feature By: William P. Mapoles Photos by Suzie Nichols | March, 22
Company K was formed in 1835, and for several years they were stationed in Indian Territory at Fort Gibson, Oklahoma, and at Fort Leavenworth, Kansas. In 1845, they explored the South Pass in the Rocky Mountains, travelling over 2,000 miles in less than 100 days. In 1846, they were part of the 3700-man “Army of the West” under General Stephen W. Kearny, who took Santa Fe and eventually all of California. Next, they fought in Mexico and returned to the U.S. in 1848, after which they were stationed in the Pacific Northwest. In the mid-1850s, they were back in the New Mexico Territory, where they dealt with the Apaches and Navajos until 1861, when they were sent to Pennsylvania to fight in the Civil War. How about that for a tour of duty all over the American West? Just imagine the great stories one of these grizzled veterans could tell you over a glass of beer!
The Dragoons were known to favor the “Green River” brand of knives, which became very popular in the 1840s and 1850s. Tens-of-thousands of Green River knives were sent out West and they were known to be durable with good steel, and relatively cheap. The old saying, “give it to him up to Green River” meant to stab someone up to the brand name on the blade, which was near the grip. One Dragoon company commander even bought enough Green River knives out of his own pocket to equip his entire company. Now that was an officer looking out for his men!
All of the following blades in this article are from a museum collection, and were found at a remote 1st Dragoon fort in Arizona (Fort Buchanan) that was in operation from 1857 to 1861. Inexpensive belt knives were available for purchase in the sutler’s store at almost every fort, and judging from the trash left behind, a major purpose for these knives was to open the tough iron cans with lead seams that their food came in. There were no can-openers. After bouncing around in the back of a supply wagon for several thousand miles, I’m sure the contents of the cans picked up plenty of lead, and you know what happens when you ingest lead. The shape of the top knife is similar to an old Green River design, but it is a knock-off with a very thin blade and only a few small pins to secure the wooden scales, which have rotted away. The longer blade is even thinner to the point of being way too flimsy for any practical use. My guess is that the original owner got totally frustrated with it and flung it as far as he could into the boonies.
Tiny pen knives were used by the soldiers who could read and write for sharpening pens/pencils, cleaning under their fingernails and for picking their teeth. The small rounded ends (bolsters) were also perfect for digging out ear wax. The larger pocket knives were not significantly different from those made today. Fingernails were trimmed with pocket knives or filed down using a rock like an emery board. Ersatz “tooth brushes” were made by cutting a green twig with your knife, then chewing the end until it became frayed like the end of a rope. Then you would rub the frayed end over your teeth to remove the plaque. The straight razor pictured is a medium-sized true wedge (not hollow ground) stamped “Joseph Smith & Sons/ Celebrated Razor/ 3415.” Some 1st Dragoon units had very lax shaving standards, and flamboyant mustaches were the style of the day.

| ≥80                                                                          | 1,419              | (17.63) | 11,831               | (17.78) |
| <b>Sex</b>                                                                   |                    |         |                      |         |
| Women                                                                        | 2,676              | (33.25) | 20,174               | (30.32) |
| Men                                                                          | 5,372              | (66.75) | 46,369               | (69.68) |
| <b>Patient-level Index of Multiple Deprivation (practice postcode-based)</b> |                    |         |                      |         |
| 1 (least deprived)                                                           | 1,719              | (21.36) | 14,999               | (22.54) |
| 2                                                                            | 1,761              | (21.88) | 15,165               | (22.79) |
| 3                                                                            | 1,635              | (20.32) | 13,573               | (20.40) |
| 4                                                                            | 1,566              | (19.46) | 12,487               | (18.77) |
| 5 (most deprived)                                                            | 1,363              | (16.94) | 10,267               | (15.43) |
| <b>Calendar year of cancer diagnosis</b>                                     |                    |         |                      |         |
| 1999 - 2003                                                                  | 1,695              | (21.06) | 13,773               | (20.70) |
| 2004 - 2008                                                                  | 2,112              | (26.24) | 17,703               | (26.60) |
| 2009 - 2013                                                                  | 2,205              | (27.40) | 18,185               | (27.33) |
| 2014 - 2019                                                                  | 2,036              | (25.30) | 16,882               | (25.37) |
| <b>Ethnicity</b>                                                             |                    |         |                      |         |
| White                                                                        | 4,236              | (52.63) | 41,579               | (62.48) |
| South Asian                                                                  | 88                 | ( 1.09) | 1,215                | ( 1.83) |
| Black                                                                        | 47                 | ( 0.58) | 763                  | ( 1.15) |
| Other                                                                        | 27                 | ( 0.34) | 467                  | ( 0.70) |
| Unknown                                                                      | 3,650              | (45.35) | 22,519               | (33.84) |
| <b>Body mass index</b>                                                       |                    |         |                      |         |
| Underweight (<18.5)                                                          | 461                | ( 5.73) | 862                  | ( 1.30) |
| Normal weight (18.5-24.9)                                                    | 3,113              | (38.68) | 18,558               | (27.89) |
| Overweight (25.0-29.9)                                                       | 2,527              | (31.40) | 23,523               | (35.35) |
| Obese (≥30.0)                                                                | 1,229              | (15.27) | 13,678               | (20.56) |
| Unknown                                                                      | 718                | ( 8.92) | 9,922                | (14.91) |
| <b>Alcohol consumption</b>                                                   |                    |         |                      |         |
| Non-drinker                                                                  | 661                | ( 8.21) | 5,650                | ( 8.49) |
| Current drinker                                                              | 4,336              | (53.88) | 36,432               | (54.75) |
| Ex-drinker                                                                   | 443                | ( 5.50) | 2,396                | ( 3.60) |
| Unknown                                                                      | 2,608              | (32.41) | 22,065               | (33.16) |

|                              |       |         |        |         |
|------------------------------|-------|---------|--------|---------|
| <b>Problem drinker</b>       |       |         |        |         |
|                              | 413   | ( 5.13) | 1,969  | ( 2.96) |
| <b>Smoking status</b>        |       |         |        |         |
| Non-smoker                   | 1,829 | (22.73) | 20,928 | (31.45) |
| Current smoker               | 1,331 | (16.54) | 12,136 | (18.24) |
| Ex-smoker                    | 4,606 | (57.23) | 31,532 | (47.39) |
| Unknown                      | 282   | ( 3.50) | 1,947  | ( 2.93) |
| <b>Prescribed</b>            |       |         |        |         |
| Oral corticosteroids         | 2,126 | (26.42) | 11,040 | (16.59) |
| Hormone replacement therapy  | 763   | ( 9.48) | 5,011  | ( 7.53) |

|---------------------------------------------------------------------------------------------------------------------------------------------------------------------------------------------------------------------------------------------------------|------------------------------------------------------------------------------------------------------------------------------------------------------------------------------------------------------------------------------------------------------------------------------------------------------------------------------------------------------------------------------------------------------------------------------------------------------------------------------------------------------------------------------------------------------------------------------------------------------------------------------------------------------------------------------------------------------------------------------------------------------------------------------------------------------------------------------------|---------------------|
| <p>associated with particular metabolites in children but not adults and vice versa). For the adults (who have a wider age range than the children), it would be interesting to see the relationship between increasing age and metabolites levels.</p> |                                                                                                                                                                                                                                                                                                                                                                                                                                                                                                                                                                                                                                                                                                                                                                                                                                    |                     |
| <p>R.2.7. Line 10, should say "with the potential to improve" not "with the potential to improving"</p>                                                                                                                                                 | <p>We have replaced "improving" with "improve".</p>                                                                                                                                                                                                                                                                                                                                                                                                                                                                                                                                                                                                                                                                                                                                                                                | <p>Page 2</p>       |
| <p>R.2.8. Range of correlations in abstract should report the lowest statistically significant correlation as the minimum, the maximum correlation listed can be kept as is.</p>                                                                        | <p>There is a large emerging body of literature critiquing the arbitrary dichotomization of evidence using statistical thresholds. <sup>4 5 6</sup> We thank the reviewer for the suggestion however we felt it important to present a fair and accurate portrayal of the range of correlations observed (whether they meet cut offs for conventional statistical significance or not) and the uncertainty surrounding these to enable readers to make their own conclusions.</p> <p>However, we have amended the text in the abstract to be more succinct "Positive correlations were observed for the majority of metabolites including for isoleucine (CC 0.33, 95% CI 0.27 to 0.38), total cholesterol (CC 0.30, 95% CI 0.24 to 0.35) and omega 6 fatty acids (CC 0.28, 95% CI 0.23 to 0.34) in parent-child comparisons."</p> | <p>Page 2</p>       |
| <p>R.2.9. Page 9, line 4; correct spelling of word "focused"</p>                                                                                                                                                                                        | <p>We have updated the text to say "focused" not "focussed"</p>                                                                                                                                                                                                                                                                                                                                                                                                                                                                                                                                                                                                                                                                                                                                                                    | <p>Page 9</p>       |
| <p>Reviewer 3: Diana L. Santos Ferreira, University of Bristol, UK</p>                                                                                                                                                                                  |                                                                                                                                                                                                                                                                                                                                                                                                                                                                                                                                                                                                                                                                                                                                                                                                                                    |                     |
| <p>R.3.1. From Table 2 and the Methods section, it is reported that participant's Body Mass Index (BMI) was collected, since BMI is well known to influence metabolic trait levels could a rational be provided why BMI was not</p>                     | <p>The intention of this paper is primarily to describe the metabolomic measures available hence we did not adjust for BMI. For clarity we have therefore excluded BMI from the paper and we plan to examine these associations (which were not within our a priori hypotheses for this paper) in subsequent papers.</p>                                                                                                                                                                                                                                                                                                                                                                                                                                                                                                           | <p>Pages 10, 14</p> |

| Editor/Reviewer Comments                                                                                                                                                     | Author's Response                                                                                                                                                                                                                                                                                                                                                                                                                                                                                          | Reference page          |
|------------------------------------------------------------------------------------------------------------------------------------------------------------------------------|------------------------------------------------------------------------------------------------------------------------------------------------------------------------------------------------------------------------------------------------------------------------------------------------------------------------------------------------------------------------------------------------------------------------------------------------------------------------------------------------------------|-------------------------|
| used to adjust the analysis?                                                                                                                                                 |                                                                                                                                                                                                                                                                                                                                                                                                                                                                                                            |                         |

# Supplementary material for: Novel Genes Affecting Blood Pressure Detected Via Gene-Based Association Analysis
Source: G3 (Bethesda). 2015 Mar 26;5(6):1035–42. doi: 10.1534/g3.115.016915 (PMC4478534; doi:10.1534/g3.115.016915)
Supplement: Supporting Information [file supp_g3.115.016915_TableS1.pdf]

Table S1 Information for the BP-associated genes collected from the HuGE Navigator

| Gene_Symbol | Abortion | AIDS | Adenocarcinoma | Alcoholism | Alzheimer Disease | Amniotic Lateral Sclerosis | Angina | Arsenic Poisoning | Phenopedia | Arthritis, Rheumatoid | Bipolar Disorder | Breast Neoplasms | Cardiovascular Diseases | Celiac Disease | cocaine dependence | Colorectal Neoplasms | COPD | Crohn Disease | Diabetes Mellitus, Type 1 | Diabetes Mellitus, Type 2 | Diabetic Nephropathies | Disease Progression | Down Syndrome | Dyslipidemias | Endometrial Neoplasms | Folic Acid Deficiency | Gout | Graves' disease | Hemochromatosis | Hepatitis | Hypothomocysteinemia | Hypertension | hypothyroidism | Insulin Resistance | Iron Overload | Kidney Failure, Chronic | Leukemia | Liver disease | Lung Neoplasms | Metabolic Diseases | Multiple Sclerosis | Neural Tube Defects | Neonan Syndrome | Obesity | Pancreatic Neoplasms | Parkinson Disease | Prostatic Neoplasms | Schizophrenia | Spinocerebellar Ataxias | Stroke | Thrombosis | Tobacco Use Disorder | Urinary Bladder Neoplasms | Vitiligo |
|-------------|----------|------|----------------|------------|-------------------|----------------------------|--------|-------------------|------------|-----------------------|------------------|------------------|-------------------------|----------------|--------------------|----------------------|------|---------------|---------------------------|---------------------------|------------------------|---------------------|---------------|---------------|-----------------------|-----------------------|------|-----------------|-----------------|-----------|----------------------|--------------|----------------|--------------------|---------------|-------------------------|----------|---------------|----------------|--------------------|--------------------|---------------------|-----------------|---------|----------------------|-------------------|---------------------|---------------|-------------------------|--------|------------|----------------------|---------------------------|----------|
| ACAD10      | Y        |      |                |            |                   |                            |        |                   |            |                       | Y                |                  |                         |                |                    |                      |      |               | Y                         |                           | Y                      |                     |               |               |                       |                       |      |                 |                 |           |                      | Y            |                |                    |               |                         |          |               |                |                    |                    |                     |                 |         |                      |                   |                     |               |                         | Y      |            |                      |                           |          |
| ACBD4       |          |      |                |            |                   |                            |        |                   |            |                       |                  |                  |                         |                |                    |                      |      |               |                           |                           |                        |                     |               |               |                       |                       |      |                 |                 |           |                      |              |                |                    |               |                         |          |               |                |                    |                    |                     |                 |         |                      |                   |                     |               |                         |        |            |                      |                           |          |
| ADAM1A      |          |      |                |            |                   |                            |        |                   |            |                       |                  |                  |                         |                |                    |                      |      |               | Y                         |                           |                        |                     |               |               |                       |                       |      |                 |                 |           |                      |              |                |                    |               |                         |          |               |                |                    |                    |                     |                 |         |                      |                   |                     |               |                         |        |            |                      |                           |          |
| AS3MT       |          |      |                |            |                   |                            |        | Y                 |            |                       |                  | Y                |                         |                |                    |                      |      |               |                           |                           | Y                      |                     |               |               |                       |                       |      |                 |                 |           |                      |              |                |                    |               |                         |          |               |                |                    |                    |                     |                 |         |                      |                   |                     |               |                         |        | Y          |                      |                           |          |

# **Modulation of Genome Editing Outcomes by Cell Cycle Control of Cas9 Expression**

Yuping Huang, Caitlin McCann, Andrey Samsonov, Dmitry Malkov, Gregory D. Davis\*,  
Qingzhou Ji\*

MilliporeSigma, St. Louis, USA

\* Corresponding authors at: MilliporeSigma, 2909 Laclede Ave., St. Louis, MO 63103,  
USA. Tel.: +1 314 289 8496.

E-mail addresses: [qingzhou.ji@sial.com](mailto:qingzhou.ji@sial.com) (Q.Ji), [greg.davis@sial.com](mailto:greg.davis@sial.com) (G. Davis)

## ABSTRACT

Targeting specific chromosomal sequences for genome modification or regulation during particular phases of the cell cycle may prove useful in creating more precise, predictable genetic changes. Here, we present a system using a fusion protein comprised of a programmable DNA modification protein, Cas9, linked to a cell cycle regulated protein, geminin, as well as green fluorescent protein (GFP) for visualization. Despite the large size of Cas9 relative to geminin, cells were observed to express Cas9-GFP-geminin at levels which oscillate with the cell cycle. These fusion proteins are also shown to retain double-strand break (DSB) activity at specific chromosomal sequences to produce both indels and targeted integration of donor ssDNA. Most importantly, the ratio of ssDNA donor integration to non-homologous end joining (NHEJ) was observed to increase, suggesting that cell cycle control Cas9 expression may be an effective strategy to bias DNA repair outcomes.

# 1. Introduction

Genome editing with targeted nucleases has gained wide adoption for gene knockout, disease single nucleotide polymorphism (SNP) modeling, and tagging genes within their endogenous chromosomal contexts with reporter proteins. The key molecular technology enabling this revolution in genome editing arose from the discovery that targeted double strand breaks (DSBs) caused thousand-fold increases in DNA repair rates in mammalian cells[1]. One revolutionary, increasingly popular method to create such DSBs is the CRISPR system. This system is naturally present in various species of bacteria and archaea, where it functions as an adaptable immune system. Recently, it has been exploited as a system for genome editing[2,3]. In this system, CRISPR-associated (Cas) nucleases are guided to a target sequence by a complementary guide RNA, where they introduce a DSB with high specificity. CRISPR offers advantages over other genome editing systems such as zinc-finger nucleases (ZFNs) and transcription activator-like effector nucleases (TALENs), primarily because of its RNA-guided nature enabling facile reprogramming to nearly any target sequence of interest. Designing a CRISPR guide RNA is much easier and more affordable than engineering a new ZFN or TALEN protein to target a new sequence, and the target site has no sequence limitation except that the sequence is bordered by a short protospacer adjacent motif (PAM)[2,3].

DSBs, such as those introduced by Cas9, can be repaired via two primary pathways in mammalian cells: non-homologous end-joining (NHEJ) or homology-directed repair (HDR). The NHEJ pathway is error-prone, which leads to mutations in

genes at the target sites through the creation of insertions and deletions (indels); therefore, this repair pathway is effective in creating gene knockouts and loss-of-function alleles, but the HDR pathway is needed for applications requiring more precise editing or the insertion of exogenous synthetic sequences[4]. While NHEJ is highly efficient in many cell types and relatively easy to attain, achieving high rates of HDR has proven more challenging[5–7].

The double-bit ax head is very interesting since it belonged to an identified soldier. He cut his initials “ES” into the side with his knife. This is truly fortunate because his name is on the 1860 census of the fort. His name was Edwin A. Snow, 24 years old, from Massachusetts and he was a private in Company D of the 1st Dragoons. The fort was abandoned in 1861, when the Dragoons fled at the approach of a Confederate Army. Before leaving, the Dragoons were told to destroy all excess gear, to burn the fort and to escape carrying “plenty of ammunition.” Rather than carry this large cumbersome ax on his horse, Edwin Snow buried it so the Rebs and Indians couldn’t find it. Nothing is left of the fort today.
The saber designed specifically for the Dragoons was the Model of 1833, which was patterned after a British saber, and was used by some Dragoons until the mid-1850s.2 Some found it too light, so the heavier Model 1840 was developed. The very substantial M1840 earned the name “wrist-breaker” for a reason, so the lighter Model 1860 saber was eventually adopted, completing the circle back to a light blade. In any case, the Dragoons didn’t like carrying sabers on Indian duty, because they rattled loudly and got dull quickly in their metal scabbards. It was said that if one got close enough to an Indian to use a saber, “it was about even odds as to who goes under first.”
1. Many thanks to Adrian VanDyk, former owner of the Company K, 1st Dragoons knife, for the information and photos of the knife.
2. Jim Brown, renowned U.S. saber expert, told me that both the M1833 and the M1840 were used simultaneously by the Dragoons during the Mexican War (1846 to 1848). He feels that the M1833 was completely phased-out within the Dragoons by the mid-1850s. However, the M1833 was still used by other units, including the Confederacy, up through the Civil War.